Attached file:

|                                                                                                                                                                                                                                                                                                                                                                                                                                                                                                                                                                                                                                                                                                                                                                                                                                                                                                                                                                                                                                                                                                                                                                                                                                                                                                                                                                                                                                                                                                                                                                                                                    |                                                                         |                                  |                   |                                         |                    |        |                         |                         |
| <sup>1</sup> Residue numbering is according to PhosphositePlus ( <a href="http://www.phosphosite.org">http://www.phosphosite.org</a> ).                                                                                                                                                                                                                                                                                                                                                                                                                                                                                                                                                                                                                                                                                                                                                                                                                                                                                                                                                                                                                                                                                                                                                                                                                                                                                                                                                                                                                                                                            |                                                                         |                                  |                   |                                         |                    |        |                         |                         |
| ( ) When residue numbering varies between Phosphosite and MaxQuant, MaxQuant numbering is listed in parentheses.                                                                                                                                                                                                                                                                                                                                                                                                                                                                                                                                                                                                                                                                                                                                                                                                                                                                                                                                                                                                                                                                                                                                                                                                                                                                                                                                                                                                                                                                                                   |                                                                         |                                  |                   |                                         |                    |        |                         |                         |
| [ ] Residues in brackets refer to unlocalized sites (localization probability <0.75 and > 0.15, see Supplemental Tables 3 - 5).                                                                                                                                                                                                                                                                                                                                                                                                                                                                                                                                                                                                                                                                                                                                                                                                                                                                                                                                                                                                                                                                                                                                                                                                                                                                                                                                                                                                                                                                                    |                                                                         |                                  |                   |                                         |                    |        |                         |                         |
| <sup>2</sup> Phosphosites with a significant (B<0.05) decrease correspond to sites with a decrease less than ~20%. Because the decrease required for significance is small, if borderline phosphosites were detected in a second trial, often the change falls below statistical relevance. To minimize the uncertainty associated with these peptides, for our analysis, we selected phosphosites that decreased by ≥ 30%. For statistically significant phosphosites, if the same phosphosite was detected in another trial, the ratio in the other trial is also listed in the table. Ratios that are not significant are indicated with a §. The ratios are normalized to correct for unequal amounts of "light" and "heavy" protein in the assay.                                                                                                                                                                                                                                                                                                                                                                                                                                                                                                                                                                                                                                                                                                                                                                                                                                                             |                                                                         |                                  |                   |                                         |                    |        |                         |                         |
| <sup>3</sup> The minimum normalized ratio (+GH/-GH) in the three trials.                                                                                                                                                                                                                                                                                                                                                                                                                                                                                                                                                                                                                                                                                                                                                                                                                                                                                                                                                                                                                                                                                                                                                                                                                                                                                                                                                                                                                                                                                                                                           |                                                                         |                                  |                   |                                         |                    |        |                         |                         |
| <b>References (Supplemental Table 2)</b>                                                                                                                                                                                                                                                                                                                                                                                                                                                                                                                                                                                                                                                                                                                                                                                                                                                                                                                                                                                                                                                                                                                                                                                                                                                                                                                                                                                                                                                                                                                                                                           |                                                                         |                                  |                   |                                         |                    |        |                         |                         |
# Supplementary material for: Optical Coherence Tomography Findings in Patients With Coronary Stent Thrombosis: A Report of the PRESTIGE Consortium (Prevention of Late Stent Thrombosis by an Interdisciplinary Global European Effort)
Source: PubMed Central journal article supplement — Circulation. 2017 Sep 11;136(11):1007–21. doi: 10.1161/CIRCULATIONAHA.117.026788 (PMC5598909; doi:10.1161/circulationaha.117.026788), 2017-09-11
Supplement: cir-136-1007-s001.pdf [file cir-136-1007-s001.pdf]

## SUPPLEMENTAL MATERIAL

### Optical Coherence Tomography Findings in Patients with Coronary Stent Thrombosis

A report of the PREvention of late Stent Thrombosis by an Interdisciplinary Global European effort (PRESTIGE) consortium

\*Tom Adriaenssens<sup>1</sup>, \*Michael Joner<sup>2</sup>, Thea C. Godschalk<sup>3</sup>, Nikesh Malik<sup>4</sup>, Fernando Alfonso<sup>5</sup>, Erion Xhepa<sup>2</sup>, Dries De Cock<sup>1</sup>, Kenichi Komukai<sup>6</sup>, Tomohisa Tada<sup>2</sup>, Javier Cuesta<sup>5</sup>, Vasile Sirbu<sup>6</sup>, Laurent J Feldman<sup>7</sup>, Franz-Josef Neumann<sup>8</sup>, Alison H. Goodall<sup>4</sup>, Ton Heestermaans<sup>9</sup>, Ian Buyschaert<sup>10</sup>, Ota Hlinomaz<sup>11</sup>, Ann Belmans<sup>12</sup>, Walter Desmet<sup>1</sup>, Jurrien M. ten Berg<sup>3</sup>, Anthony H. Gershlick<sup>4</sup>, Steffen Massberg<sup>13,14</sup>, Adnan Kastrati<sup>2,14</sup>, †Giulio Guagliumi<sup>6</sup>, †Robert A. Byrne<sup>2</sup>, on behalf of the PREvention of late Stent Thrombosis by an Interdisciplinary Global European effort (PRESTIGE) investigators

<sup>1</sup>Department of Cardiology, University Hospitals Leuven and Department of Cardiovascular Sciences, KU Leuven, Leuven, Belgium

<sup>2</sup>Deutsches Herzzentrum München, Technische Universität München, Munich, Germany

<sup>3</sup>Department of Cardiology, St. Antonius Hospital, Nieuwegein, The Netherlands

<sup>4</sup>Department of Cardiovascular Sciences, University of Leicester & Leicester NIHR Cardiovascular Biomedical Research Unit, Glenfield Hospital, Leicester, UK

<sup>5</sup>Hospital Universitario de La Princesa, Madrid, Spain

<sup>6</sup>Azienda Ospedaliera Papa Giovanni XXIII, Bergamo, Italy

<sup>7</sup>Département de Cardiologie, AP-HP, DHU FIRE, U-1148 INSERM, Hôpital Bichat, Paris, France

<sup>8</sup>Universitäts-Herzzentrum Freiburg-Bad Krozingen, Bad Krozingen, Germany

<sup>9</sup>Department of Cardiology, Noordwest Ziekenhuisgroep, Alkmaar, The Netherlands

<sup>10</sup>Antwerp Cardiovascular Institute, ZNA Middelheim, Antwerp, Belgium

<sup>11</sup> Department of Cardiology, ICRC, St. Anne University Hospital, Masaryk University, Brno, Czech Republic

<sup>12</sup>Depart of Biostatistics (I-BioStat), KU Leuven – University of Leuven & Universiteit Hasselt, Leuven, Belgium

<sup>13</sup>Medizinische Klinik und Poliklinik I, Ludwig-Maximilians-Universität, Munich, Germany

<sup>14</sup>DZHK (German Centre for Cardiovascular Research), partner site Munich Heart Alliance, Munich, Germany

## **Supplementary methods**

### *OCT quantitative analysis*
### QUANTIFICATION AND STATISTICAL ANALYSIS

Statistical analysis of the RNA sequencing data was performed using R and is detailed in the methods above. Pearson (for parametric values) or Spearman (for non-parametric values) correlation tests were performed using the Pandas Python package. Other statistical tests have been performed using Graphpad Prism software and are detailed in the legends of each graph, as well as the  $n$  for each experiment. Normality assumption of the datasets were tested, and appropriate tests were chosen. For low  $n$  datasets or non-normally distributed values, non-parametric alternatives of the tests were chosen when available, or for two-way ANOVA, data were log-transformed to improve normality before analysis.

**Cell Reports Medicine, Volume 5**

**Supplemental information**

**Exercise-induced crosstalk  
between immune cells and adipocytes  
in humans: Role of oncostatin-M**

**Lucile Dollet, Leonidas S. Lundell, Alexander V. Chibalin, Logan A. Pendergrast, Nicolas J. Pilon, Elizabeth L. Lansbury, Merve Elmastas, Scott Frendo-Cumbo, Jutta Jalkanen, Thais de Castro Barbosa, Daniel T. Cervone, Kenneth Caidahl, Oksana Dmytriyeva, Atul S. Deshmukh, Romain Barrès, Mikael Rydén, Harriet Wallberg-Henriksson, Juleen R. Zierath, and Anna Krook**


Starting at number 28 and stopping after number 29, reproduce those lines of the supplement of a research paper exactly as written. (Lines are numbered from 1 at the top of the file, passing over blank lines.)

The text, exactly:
<sup>14</sup>DZHK (German Centre for Cardiovascular Research), partner site Munich Heart Alliance, Munich, Germany

## **Supplementary methods**